• Table of Contents • Introduction • 1-Time Value • 2-Risk/Return • 3-Accounting • 4-Securities • 5-Business • 6-Regulatory • Case Studies • Student Papers

Another method for valuing future returns is to focus on the volatility of the expected return and adjust the discount rate to account for this volatility. (In this way the discount rate compensates for two financial elements -- volatility risk and time value of money.) In our example, if we concluded that our investment has similar risks to a one-year investment offering a 9.8% return, we could compute our investment's present value:

 Return Probability Expected return Present value \$5 33.33% \$1.67 \$12 33.33% \$4.00 \$20 33.33% \$6.67 Total \$12.33 \$11.75/(1+.098) = \$10.70

But this method depends on determining the return on "similar" investments. And to be precise we should figure out the comparable return (discount rate) for returns of different future periods. That is, there may be a different discount rate for expected returns in five years, compared to those in one year.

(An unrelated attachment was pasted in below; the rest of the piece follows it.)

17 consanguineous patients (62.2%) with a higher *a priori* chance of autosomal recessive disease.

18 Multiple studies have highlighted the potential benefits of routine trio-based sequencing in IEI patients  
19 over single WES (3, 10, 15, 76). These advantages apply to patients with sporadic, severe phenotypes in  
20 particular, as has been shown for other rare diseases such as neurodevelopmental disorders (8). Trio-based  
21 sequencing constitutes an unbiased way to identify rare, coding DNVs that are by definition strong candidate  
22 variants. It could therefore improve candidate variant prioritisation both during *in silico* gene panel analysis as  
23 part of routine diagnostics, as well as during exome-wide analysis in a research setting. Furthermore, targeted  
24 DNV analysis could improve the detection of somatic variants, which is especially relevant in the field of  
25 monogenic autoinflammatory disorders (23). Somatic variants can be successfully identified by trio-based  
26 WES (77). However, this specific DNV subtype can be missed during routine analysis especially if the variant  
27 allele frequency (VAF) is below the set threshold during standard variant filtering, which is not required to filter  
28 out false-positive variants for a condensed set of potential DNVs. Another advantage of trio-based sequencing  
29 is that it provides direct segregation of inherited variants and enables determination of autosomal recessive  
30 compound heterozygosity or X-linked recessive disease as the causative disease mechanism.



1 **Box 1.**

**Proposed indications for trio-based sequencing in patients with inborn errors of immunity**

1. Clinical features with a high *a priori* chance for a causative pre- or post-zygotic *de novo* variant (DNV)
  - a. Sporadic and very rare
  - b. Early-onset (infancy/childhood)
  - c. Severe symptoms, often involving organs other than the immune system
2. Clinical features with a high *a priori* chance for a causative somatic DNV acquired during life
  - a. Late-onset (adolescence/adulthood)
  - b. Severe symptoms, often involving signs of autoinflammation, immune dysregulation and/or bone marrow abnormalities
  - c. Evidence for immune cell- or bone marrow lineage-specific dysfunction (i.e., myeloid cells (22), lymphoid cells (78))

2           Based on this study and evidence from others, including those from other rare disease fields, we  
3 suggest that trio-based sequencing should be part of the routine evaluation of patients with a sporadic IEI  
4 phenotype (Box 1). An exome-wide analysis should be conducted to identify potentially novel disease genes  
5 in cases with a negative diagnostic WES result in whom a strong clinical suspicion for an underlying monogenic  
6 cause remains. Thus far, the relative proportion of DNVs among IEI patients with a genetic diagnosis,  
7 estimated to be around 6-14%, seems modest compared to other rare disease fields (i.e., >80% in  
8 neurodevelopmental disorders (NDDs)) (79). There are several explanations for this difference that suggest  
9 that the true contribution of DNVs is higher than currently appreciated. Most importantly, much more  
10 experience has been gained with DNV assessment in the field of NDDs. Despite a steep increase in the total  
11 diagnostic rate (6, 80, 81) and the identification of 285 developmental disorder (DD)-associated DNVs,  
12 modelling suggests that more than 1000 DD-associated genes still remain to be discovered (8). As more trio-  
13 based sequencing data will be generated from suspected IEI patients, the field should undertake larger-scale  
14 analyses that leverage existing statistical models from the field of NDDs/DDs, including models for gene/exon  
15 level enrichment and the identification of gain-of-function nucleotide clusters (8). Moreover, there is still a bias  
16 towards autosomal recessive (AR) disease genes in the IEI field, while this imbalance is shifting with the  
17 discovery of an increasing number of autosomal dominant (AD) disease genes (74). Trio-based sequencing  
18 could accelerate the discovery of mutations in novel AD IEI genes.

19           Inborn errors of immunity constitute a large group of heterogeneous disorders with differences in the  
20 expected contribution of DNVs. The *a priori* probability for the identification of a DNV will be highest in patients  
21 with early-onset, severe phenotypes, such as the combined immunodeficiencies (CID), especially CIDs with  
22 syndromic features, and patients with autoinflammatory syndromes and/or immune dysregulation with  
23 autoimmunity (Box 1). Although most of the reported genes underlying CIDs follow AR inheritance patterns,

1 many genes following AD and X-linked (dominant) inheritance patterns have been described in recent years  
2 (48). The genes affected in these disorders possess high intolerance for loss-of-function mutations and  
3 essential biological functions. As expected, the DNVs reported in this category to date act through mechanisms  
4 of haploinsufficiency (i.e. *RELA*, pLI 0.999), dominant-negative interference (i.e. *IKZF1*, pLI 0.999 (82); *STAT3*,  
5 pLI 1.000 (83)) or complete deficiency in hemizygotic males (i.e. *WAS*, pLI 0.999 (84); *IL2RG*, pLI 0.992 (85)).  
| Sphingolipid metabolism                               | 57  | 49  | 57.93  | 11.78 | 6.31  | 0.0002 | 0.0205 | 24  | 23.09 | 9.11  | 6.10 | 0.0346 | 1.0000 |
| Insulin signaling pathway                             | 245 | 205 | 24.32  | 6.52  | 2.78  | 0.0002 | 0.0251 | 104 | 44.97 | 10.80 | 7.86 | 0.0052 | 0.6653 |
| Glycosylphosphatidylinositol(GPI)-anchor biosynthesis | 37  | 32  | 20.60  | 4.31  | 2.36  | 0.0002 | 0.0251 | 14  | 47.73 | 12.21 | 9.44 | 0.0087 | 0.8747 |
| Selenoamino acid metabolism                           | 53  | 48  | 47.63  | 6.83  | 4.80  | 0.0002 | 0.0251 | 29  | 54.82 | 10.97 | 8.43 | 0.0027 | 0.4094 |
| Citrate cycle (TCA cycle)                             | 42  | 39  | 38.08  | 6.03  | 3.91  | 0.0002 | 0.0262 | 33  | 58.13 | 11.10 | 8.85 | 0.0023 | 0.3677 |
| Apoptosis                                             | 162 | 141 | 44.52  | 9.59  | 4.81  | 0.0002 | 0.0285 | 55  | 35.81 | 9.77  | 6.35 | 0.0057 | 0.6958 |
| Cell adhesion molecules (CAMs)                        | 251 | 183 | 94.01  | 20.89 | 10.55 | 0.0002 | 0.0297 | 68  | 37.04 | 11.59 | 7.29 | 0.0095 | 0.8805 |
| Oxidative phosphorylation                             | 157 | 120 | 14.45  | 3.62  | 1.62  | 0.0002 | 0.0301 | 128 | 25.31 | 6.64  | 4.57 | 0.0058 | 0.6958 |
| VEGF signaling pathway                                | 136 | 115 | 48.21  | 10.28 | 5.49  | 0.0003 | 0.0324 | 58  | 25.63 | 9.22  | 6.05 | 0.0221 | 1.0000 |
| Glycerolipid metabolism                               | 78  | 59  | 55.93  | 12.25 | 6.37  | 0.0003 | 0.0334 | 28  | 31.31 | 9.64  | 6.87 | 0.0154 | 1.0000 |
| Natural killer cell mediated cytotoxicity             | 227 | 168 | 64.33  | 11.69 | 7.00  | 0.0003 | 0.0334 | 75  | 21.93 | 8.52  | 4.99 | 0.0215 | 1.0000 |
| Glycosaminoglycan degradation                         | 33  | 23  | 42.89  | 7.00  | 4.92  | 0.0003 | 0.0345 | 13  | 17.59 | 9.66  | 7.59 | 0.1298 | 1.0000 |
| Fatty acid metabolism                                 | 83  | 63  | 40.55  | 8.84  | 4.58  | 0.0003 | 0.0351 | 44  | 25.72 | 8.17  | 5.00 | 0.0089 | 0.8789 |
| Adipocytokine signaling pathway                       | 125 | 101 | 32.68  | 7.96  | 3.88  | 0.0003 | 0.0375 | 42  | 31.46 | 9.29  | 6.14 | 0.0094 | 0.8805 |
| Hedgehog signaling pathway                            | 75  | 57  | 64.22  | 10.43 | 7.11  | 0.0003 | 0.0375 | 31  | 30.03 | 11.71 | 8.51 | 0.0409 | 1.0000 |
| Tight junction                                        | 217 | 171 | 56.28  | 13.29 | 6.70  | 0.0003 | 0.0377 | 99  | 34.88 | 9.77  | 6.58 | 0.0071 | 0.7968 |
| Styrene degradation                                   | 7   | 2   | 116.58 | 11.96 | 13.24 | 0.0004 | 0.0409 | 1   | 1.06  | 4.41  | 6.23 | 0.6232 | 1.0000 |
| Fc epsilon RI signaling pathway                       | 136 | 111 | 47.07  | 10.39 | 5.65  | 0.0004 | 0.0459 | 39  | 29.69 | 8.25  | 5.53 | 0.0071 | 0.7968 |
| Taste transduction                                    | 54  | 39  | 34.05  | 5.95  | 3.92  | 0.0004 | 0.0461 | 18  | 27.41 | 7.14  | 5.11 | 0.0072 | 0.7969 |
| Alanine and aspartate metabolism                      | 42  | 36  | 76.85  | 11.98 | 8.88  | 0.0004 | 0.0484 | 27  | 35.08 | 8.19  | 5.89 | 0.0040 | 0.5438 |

Risk-free Return

The discount rate you choose in computing the present value of an expected future return compensates for multiple factors:

• time value of money (current spending power is more valuable than future spending power)
• inflation risk (a unit of currency in the future may be worth less than today)
• asset variability (future returns from the particular asset may not be as expected)
 Student paper How should courts identify an appropriate rate to determine the present value of deferred cash payments under a Chapter 13 individual reorganization plan? See Charles M. Sprinkle, What is the Appropriate “Market Rate” in Valuing a Creditor’s Claims in Individual Reorganization Plans?

 2.4.2 Valuing Certainty Equivalents 2.5 Capital Asset Pricing Model (CAPM)